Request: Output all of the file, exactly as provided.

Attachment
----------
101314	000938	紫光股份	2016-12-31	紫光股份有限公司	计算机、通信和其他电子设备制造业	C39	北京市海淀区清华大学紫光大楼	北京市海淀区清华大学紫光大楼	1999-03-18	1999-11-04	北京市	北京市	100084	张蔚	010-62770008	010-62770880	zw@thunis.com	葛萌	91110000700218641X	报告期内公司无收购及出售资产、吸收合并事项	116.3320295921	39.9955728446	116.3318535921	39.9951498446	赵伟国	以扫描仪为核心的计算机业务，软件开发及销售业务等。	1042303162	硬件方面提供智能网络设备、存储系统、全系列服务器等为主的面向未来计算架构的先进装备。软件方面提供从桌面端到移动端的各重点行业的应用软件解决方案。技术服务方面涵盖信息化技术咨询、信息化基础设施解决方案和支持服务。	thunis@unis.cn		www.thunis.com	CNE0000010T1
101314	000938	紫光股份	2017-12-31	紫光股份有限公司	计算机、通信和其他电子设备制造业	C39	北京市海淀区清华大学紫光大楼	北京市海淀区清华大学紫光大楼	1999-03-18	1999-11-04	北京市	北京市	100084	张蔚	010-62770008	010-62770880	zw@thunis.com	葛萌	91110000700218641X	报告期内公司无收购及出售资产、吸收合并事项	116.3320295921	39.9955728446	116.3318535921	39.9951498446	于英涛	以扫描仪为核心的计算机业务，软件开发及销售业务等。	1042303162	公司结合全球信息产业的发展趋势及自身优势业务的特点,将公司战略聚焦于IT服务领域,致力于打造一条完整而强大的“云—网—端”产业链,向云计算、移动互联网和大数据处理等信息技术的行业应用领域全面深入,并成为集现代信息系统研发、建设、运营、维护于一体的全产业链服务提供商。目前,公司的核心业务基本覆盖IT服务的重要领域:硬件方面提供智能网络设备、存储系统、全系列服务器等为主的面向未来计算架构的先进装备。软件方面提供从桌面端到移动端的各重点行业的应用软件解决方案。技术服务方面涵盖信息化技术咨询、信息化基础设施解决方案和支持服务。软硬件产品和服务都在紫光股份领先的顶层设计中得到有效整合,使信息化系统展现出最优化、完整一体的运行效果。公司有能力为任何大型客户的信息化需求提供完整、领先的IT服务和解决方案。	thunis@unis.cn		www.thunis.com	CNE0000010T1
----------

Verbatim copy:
101314	000938	紫光股份	2016-12-31	紫光股份有限公司	计算机、通信和其他电子设备制造业	C39	北京市海淀区清华大学紫光大楼	北京市海淀区清华大学紫光大楼	1999-03-18	1999-11-04	北京市	北京市	100084	张蔚	010-62770008	010-62770880	zw@thunis.com	葛萌	91110000700218641X	报告期内公司无收购及出售资产、吸收合并事项	116.3320295921	39.9955728446	116.3318535921	39.9951498446	赵伟国	以扫描仪为核心的计算机业务，软件开发及销售业务等。	1042303162	硬件方面提供智能网络设备、存储系统、全系列服务器等为主的面向未来计算架构的先进装备。软件方面提供从桌面端到移动端的各重点行业的应用软件解决方案。技术服务方面涵盖信息化技术咨询、信息化基础设施解决方案和支持服务。	thunis@unis.cn		www.thunis.com	CNE0000010T1
101314	000938	紫光股份	2017-12-31	紫光股份有限公司	计算机、通信和其他电子设备制造业	C39	北京市海淀区清华大学紫光大楼	北京市海淀区清华大学紫光大楼	1999-03-18	1999-11-04	北京市	北京市	100084	张蔚	010-62770008	010-62770880	zw@thunis.com	葛萌	91110000700218641X	报告期内公司无收购及出售资产、吸收合并事项	116.3320295921	39.9955728446	116.3318535921	39.9951498446	于英涛	以扫描仪为核心的计算机业务，软件开发及销售业务等。	1042303162	公司结合全球信息产业的发展趋势及自身优势业务的特点,将公司战略聚焦于IT服务领域,致力于打造一条完整而强大的“云—网—端”产业链,向云计算、移动互联网和大数据处理等信息技术的行业应用领域全面深入,并成为集现代信息系统研发、建设、运营、维护于一体的全产业链服务提供商。目前,公司的核心业务基本覆盖IT服务的重要领域:硬件方面提供智能网络设备、存储系统、全系列服务器等为主的面向未来计算架构的先进装备。软件方面提供从桌面端到移动端的各重点行业的应用软件解决方案。技术服务方面涵盖信息化技术咨询、信息化基础设施解决方案和支持服务。软硬件产品和服务都在紫光股份领先的顶层设计中得到有效整合,使信息化系统展现出最优化、完整一体的运行效果。公司有能力为任何大型客户的信息化需求提供完整、领先的IT服务和解决方案。	thunis@unis.cn		www.thunis.com	CNE0000010T1